Mr. Speaker, I want to thank the member for Edmonton West for bringing this private member's bill forward. Many times the member and I do not see eye to eye, but I certainly have a lot of respect for him, and I enjoy listening to him.
It is my pleasure to rise today to speak to the private member's bill, Bill C-301, an act to amend the Income Tax Act and to make a related amendment to another act, which will affect registered retirement income funds, otherwise known as RRIFs.
The NDP is supporting the bill at second reading because we feel it deserves to be sent to committee for further study. The issue of mandatory minimum withdrawal requirements is an important issue for retirees trying to maintain an adequate income in their retirement.
It is our view that a detailed examination of the rules regarding RRIFs is necessary to help ensure that seniors are not outliving their savings. Retirement insecurity is reaching a crisis level in Canada, as many Canadians do not have adequate savings to maintain their lifestyle upon retirement. Any measures that will make it easier for seniors to maintain an adequate income must be looked at.
Much more needs to be done to help our seniors live with the dignity they deserve. The high cost of housing and drugs, the clawback of the GIS, and the indexing of pensions are just a few immediate issues. The government also needs to keep its promise to introduce a new seniors price index to make sure that old age security and the guaranteed income supplement keep up with rising costs.
Of more immediate concern is that the government must immediately fix the flaw in its new plan for enhanced CPP benefits. I am sure that members have heard the discussion about the mistake that the government made in Bill C-26 and how the exclusion of dropout provisions in the bill would have a negative impact on those who take time to raise children, especially women, and on those living with a disability. The government will have its chance next week at the finance ministers meeting to fix its mistake. We will all be watching.
This private member's bill will remove the mandatory minimum withdrawal requirements from registered retirement income funds and will change the retirement income fund definition. Registered retirement income funds, known as RRIFs, can be thought of as an extension of a person's registered retirements savings plan, or RRSP. An RRSP is used to help people save for retirement, while a RRIF is used to withdraw income during retirement. RRIFs are similar to RRSPs in several respects. Each allows for tax-deferred growth, offers several investment options, and is government regulated.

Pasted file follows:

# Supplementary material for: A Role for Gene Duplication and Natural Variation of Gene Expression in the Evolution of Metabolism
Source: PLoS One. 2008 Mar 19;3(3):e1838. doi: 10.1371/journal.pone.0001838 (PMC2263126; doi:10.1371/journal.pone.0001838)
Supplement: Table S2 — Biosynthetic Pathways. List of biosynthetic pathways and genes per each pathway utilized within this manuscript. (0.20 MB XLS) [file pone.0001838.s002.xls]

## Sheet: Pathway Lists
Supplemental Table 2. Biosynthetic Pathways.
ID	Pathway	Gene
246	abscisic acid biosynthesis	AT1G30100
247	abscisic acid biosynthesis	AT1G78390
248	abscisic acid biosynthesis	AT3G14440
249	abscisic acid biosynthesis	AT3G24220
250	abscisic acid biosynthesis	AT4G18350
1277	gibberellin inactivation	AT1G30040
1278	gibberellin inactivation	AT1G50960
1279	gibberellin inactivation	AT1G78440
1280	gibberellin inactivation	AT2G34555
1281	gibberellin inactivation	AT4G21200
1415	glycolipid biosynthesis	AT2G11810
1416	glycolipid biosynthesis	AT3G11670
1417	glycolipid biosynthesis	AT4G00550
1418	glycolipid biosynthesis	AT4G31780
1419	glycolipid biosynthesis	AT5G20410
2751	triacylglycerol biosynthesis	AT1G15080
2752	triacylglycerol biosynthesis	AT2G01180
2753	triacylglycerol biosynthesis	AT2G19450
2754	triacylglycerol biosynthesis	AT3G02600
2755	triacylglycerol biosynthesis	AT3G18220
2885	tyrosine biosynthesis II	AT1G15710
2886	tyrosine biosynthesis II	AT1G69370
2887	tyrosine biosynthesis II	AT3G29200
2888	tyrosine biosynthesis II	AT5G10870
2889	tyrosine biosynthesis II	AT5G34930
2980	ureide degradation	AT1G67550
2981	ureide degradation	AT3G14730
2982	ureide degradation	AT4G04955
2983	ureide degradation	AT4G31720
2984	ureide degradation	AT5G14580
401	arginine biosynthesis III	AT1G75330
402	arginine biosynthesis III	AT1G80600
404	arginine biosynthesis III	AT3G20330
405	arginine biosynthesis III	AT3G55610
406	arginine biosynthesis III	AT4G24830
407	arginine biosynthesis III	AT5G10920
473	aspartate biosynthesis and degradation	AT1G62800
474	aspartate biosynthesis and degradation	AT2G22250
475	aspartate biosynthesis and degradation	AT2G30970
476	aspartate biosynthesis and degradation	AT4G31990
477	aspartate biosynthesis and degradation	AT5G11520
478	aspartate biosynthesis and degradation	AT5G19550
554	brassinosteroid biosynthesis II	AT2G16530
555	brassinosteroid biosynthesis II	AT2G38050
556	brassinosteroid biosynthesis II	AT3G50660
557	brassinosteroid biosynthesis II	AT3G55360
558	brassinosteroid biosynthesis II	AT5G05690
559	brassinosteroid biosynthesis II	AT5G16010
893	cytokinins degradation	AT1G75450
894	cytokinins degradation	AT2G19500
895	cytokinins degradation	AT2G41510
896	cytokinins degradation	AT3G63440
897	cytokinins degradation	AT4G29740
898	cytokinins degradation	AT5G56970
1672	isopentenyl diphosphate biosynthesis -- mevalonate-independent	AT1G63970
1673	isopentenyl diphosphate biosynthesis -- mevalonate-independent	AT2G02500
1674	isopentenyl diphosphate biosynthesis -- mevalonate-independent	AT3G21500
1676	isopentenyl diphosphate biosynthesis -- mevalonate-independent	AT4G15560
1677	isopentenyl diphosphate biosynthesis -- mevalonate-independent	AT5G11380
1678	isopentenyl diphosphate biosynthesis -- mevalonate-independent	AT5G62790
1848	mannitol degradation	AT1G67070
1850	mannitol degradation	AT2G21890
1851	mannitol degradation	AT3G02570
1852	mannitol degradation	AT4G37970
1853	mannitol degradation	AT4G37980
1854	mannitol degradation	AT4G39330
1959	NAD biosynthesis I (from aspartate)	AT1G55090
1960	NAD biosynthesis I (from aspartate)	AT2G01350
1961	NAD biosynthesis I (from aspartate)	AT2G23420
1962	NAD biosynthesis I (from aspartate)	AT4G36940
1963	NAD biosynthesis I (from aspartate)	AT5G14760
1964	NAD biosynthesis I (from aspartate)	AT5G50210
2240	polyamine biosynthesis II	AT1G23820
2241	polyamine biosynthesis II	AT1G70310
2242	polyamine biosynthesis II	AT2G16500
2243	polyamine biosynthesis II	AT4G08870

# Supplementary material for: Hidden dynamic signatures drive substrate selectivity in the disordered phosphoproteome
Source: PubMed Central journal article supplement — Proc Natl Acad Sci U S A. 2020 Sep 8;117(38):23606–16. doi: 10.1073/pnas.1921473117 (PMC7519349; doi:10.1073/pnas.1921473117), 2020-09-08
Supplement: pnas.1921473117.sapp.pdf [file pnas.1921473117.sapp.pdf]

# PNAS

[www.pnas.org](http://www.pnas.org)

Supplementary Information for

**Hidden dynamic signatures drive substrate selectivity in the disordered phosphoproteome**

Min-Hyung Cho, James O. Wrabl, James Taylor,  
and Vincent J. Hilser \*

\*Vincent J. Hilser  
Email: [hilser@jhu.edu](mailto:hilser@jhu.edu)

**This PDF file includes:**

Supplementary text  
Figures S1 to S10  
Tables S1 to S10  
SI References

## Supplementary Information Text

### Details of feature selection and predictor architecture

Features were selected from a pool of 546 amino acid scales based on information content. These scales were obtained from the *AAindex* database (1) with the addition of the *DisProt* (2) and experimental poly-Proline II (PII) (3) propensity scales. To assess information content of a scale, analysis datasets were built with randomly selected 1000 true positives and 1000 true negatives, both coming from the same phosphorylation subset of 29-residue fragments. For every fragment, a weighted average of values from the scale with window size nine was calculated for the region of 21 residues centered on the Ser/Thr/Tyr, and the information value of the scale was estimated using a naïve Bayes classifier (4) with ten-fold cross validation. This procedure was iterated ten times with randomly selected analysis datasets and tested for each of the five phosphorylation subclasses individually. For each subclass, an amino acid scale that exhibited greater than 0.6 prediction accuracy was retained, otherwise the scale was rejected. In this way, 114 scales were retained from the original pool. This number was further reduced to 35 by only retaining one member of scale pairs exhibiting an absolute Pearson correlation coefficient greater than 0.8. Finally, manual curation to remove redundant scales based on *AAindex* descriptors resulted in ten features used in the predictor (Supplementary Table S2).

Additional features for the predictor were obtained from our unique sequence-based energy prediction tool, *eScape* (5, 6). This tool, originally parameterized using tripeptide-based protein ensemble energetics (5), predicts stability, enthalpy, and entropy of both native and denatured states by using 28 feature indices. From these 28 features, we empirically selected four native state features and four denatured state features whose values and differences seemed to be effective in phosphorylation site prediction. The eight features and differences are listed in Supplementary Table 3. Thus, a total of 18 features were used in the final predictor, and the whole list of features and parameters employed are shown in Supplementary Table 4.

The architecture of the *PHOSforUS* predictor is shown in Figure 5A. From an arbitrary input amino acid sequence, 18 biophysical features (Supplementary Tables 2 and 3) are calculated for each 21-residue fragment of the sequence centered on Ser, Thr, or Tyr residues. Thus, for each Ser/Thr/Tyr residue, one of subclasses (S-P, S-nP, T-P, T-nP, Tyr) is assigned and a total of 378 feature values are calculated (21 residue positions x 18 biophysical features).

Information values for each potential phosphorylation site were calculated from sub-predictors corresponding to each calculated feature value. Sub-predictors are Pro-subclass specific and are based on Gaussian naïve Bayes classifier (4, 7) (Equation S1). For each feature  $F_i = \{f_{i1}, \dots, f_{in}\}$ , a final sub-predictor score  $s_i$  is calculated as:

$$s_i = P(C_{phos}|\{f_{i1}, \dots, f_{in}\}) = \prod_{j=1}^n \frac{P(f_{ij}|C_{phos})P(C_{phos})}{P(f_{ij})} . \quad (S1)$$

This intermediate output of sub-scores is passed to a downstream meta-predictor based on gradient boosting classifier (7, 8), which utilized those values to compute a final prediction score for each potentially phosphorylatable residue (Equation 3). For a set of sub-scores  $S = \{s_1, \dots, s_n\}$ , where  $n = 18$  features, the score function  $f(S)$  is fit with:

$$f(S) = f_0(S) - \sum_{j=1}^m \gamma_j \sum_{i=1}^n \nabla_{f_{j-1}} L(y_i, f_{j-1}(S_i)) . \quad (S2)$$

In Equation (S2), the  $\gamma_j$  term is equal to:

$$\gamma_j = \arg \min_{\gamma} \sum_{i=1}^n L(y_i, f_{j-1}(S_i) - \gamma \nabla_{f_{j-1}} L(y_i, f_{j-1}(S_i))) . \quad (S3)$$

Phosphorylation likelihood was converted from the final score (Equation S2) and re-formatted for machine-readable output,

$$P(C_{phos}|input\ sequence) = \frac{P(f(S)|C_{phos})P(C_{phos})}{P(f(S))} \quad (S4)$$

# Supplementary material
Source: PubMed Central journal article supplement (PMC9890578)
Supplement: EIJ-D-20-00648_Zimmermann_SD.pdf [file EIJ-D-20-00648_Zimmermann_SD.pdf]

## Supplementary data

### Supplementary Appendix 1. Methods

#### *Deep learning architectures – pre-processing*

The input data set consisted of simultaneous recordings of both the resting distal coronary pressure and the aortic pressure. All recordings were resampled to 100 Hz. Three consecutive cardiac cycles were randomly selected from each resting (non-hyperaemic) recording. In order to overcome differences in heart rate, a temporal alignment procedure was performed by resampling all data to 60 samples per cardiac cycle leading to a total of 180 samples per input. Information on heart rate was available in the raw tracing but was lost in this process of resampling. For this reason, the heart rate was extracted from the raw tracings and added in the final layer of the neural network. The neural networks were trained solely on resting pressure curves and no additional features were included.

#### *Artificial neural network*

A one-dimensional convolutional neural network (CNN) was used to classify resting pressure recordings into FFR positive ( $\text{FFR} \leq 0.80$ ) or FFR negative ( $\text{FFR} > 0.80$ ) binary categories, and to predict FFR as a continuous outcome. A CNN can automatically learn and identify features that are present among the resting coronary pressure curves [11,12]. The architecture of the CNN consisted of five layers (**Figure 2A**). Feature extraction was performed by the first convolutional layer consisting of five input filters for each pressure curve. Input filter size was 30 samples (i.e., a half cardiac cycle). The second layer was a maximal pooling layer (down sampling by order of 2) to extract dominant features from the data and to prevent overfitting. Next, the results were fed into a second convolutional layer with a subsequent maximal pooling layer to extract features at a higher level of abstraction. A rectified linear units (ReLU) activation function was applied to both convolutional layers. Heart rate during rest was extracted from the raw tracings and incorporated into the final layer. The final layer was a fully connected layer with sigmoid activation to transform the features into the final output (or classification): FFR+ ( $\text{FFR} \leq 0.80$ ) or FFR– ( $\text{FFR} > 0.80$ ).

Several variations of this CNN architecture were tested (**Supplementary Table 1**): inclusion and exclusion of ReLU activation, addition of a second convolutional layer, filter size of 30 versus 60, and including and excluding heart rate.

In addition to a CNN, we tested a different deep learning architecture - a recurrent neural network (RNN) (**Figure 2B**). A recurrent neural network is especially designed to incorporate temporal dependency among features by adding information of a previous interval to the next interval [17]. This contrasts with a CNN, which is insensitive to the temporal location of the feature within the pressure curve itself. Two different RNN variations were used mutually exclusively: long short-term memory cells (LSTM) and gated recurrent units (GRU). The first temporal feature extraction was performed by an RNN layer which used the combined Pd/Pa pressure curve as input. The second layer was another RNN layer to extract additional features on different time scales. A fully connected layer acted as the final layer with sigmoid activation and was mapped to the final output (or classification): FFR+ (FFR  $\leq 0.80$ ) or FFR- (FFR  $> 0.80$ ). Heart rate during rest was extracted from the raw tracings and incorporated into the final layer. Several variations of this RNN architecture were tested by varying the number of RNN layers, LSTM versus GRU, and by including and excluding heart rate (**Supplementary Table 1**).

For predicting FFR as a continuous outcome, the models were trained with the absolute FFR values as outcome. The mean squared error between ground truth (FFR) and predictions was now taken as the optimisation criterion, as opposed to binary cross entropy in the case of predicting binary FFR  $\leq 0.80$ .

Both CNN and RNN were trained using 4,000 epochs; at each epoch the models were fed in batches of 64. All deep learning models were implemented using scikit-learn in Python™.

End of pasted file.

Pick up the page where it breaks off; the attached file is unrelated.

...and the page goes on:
A major difference between an RRSP and a RRIF is that with an RRSP, a person can make annual contributions as long as they have earned income and have contribution room available. Withdrawals are optional and will be taxed. With a RRIF, contributions are not allowed, and a person must make minimum minimum mandatory withdrawals each year. RRIF rules and withdrawal rates were introduced in 1978, and then increased in 1992.
In 2015, the Conservative finance minister lowered the mandatory registered retirement income fund withdrawal amount to 5.27% from the previous 7.38%. Also, previous to 2007, the age limit for converting an RRSP was 69. The 2007 budget changed the age to 71, in order to strengthen incentives for older Canadians to work and save. When RRIF rules came into effect, lifespans and time spent in retirement were much shorter than they are today. RRIF holders now face the considerable likelihood of running out of money in late stages of retirement.
The NDP has long been in support of lowering these rates. In 2015, the NDP pension critic John Rafferty introduced Motion No. 595. It read: